Shirah Vollmer MD

The Musings of Dr. Vollmer

Archive for August 17th, 2011

Twelve Years Old and Depressed!

Posted by Dr. Vollmer on August 17, 2011

     Tina, twelve, reports “I am fine during the day, but when the sun goes down I think of how limited time is. I don’t think I have that much time left and I don’t think I can do all that I want to do before I die. It makes me very depressed. Maybe my focus medication is wearing off and I am getting depressed. I am not sure. All I know is that in the evenings, I just feel life to be unbearable. During the day, I enjoy my friends and I love to do art, but boy, when I go to bed, I feel very scared.” “Wow, that sounds really hard. It sounds like as the evening approaches you get scared because your mental demons are released from their closet.” I say, trying to understand this precocious, highly verbal twelve-year old who comes from a high-pressured family where the expectation is that she will go to an Ivy League college and then to a prestigious, high-paying job. “What would help you?” I ask Tina, trying to see how she imagines feeling better. “I don’t know. I hate being in my bedroom alone,” she says. “It sounds like your thoughts are so scary and then you feel very dependent on your parents to calm you down. It is hard for you to help yourself with these negative thoughts,” I respond. “Well, my dad seems to like to come into my bedroom with me and soothe me. It seems to suit him well. Sometimes I think he is trying to escape from being with my mom.” Tina says, making the interesting point that Tina’s depressive thinking hooks the dad into an important fatherly role, while at the same time, takes him away from his wife, which Tina believes benefits the dad. Tina implies that her parents’ marriage is tenuous, also implying that her anxieties serve as a means to divide her parents further apart. “Do you mean that your depressive thinking makes your dad feel important to you, whereas he might not feel so important to your mom?” I ask, trying to  tread lightly on this very delicate subject. “Yes, that is exactly what I think,” Tina responds with enthusiasm, uncharacteristic of her typical flat tone. “It must be hard to need your dad at the same time that you feel that you are pulling him away from your mom,” I say, trying to articulate the Tina’s bind. “I like pulling him away from my mom, but I don’t think my mom likes that,” Tina says, explaining how torn she feels. “It is remarkable that your sad and scary feelings have a big impact on your parents in ways that seem to split them apart.” I say, realizing that Tina’s symptoms are layered with family dynamics which are as painful as the feelings themselves. “I am glad we are talking about this,” Tina says spontaneously. “It can be a relief,” I say, echoing her sentiment.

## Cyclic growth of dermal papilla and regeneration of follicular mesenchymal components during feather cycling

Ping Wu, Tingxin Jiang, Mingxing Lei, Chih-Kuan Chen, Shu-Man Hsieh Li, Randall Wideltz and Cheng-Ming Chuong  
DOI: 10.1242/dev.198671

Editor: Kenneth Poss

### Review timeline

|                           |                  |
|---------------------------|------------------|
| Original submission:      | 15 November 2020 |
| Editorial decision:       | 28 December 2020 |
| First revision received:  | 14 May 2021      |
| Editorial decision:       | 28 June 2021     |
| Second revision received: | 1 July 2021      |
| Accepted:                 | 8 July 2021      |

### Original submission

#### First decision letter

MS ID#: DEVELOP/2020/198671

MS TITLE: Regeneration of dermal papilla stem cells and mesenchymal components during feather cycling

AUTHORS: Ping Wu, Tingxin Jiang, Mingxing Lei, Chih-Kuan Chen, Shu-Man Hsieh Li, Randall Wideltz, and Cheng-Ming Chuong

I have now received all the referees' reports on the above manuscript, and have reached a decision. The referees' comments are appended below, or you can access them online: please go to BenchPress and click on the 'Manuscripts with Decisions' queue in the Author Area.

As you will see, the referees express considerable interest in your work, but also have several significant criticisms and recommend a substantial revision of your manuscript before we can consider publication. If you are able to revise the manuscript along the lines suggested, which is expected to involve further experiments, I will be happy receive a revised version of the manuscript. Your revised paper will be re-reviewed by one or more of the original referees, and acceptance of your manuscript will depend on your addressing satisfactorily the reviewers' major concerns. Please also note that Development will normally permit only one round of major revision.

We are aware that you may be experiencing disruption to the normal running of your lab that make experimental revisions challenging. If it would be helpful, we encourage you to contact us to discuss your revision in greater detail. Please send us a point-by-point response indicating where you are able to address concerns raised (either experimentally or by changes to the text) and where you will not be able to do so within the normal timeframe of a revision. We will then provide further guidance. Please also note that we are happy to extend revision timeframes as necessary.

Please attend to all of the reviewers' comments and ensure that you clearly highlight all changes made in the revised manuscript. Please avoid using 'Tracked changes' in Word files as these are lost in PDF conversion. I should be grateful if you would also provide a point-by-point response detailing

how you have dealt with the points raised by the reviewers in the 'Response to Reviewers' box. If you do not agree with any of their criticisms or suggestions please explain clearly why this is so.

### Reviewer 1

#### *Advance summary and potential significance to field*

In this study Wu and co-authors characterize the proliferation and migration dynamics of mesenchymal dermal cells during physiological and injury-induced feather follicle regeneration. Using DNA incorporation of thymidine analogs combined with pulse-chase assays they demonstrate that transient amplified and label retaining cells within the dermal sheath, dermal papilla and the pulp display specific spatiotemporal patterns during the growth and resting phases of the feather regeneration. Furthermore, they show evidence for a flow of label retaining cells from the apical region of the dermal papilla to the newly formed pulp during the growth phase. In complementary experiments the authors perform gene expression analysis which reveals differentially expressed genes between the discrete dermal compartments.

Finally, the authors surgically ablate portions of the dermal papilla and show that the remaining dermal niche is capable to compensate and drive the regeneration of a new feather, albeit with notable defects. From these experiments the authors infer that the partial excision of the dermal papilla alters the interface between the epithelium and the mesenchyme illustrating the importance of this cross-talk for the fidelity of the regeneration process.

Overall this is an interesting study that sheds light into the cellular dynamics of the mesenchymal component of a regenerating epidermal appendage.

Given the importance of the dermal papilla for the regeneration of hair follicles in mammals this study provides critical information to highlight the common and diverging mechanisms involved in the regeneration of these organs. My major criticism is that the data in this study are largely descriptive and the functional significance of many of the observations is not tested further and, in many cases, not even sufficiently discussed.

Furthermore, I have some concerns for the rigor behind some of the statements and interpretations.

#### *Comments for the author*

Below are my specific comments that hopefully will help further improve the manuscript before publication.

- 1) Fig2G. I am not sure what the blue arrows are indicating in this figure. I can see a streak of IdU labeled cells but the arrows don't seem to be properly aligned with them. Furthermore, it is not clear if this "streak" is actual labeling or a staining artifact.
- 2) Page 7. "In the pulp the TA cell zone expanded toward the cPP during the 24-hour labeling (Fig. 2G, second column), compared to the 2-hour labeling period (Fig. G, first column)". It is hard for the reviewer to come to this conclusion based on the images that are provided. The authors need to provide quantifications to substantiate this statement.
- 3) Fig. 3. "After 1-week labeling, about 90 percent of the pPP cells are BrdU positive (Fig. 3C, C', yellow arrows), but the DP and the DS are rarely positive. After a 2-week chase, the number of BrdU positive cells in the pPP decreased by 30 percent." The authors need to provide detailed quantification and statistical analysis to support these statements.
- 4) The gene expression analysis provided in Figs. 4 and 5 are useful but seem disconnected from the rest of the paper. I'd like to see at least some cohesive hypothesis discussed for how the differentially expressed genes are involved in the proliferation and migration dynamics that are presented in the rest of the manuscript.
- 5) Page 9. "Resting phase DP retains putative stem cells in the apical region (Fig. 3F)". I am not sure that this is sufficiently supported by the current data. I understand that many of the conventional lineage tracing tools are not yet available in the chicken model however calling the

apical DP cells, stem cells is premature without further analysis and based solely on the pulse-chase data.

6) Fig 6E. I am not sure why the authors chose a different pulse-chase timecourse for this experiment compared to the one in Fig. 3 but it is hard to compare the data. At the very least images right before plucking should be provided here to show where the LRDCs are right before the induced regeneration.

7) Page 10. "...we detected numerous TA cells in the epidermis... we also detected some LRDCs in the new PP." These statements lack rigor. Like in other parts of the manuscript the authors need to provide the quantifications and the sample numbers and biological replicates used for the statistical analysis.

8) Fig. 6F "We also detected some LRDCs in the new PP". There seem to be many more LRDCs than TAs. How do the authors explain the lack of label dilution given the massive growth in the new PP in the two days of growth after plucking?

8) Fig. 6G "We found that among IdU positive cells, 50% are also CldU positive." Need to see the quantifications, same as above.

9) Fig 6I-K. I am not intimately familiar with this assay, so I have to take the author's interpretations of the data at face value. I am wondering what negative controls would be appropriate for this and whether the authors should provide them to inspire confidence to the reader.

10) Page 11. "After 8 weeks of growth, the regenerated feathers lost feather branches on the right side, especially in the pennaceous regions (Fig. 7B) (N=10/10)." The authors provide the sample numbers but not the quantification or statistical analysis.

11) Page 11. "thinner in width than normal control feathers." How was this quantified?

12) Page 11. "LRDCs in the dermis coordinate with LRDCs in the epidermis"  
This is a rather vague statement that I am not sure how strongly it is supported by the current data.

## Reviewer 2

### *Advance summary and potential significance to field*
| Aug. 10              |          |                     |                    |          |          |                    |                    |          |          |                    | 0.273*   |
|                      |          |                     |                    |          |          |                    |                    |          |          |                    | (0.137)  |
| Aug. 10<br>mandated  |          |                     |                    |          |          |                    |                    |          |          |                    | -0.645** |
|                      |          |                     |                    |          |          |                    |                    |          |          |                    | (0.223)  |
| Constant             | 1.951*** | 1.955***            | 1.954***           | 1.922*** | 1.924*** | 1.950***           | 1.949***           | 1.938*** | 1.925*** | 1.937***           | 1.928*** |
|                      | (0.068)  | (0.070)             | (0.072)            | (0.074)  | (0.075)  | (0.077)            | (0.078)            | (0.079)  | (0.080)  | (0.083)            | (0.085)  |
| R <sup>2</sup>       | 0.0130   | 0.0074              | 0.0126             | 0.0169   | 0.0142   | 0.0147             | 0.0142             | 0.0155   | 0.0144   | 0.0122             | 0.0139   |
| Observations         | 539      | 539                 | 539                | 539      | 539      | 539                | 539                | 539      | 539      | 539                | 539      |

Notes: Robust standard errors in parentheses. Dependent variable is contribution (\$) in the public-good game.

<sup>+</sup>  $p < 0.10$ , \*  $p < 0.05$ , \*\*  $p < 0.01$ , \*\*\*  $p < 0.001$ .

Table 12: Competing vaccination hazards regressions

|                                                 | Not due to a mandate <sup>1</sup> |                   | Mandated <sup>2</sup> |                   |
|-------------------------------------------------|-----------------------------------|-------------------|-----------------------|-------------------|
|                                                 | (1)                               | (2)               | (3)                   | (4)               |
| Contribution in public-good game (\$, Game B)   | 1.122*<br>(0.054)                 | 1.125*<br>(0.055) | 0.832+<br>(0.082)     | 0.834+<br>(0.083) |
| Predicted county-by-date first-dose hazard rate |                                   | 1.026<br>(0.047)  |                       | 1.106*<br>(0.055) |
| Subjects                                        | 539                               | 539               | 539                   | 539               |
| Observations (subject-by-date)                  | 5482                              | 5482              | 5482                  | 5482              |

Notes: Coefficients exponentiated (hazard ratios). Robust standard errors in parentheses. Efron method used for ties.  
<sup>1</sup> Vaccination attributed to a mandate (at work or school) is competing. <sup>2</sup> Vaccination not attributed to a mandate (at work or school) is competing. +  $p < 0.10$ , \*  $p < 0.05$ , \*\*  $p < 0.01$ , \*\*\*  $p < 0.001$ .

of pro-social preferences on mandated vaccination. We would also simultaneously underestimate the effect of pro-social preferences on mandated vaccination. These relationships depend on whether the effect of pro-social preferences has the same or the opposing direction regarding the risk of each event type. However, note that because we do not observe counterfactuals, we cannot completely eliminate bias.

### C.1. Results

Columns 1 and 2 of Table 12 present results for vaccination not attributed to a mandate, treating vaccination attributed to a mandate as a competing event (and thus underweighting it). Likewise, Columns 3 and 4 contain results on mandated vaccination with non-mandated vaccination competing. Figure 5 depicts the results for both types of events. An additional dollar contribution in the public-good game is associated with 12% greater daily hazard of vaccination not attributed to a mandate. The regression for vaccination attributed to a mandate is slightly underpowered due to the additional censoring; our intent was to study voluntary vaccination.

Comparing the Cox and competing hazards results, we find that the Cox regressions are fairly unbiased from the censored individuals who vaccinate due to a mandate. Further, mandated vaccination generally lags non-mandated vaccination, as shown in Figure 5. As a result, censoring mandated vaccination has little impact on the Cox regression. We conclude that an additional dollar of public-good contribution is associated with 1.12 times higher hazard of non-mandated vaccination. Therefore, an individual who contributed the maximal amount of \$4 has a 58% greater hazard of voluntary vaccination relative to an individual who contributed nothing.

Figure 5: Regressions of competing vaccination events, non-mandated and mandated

Posted in Child Psychotherapy | 2 Comments »

%d bloggers like this: